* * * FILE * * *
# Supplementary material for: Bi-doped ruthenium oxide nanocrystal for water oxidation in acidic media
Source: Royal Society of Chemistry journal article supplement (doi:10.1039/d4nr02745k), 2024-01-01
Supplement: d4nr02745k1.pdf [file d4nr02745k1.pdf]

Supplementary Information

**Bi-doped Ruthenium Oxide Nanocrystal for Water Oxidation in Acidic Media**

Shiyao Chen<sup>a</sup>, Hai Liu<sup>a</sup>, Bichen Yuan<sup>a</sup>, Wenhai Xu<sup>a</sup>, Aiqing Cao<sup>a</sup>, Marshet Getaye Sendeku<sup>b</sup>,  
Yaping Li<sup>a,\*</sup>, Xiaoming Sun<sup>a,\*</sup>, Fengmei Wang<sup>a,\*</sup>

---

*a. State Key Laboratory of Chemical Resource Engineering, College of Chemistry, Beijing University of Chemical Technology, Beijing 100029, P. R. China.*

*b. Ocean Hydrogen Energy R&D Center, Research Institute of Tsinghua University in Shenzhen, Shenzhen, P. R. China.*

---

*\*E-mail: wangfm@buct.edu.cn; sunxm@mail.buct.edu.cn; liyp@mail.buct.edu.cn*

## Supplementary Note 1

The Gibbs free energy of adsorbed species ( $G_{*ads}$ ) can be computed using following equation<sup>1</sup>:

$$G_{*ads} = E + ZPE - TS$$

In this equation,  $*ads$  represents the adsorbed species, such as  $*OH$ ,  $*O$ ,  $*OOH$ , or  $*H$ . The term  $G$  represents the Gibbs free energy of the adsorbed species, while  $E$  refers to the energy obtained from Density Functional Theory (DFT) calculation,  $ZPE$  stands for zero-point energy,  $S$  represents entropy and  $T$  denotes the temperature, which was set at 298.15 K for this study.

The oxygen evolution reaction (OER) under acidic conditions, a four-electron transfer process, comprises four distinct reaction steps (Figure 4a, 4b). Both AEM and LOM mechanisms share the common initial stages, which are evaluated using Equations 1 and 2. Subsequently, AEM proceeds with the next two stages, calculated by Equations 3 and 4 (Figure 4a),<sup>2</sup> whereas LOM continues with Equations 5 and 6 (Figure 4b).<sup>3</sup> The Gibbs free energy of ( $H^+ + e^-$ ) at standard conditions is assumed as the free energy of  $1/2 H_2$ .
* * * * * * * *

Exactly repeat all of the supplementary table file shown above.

# Supplementary material for: Bi-doped ruthenium oxide nanocrystal for water oxidation in acidic media
Source: Royal Society of Chemistry journal article supplement (doi:10.1039/d4nr02745k), 2024-01-01
Supplement: d4nr02745k1.pdf [file d4nr02745k1.pdf]

Supplementary Information

**Bi-doped Ruthenium Oxide Nanocrystal for Water Oxidation in Acidic Media**

Shiyao Chen<sup>a</sup>, Hai Liu<sup>a</sup>, Bichen Yuan<sup>a</sup>, Wenhai Xu<sup>a</sup>, Aiqing Cao<sup>a</sup>, Marshet Getaye Sendeku<sup>b</sup>,  
Yaping Li<sup>a,\*</sup>, Xiaoming Sun<sup>a,\*</sup>, Fengmei Wang<sup>a,\*</sup>

---

*a. State Key Laboratory of Chemical Resource Engineering, College of Chemistry, Beijing University of Chemical Technology, Beijing 100029, P. R. China.*

*b. Ocean Hydrogen Energy R&D Center, Research Institute of Tsinghua University in Shenzhen, Shenzhen, P. R. China.*

---

*\*E-mail: wangfm@buct.edu.cn; sunxm@mail.buct.edu.cn; liyp@mail.buct.edu.cn*

## Supplementary Note 1

The Gibbs free energy of adsorbed species ( $G_{*ads}$ ) can be computed using following equation<sup>1</sup>:

$$G_{*ads} = E + ZPE - TS$$

In this equation,  $*ads$  represents the adsorbed species, such as  $*OH$ ,  $*O$ ,  $*OOH$ , or  $*H$ . The term  $G$  represents the Gibbs free energy of the adsorbed species, while  $E$  refers to the energy obtained from Density Functional Theory (DFT) calculation,  $ZPE$  stands for zero-point energy,  $S$  represents entropy and  $T$  denotes the temperature, which was set at 298.15 K for this study.

The oxygen evolution reaction (OER) under acidic conditions, a four-electron transfer process, comprises four distinct reaction steps (Figure 4a, 4b). Both AEM and LOM mechanisms share the common initial stages, which are evaluated using Equations 1 and 2. Subsequently, AEM proceeds with the next two stages, calculated by Equations 3 and 4 (Figure 4a),<sup>2</sup> whereas LOM continues with Equations 5 and 6 (Figure 4b).<sup>3</sup> The Gibbs free energy of ( $H^+ + e^-$ ) at standard conditions is assumed as the free energy of  $1/2 H_2$ .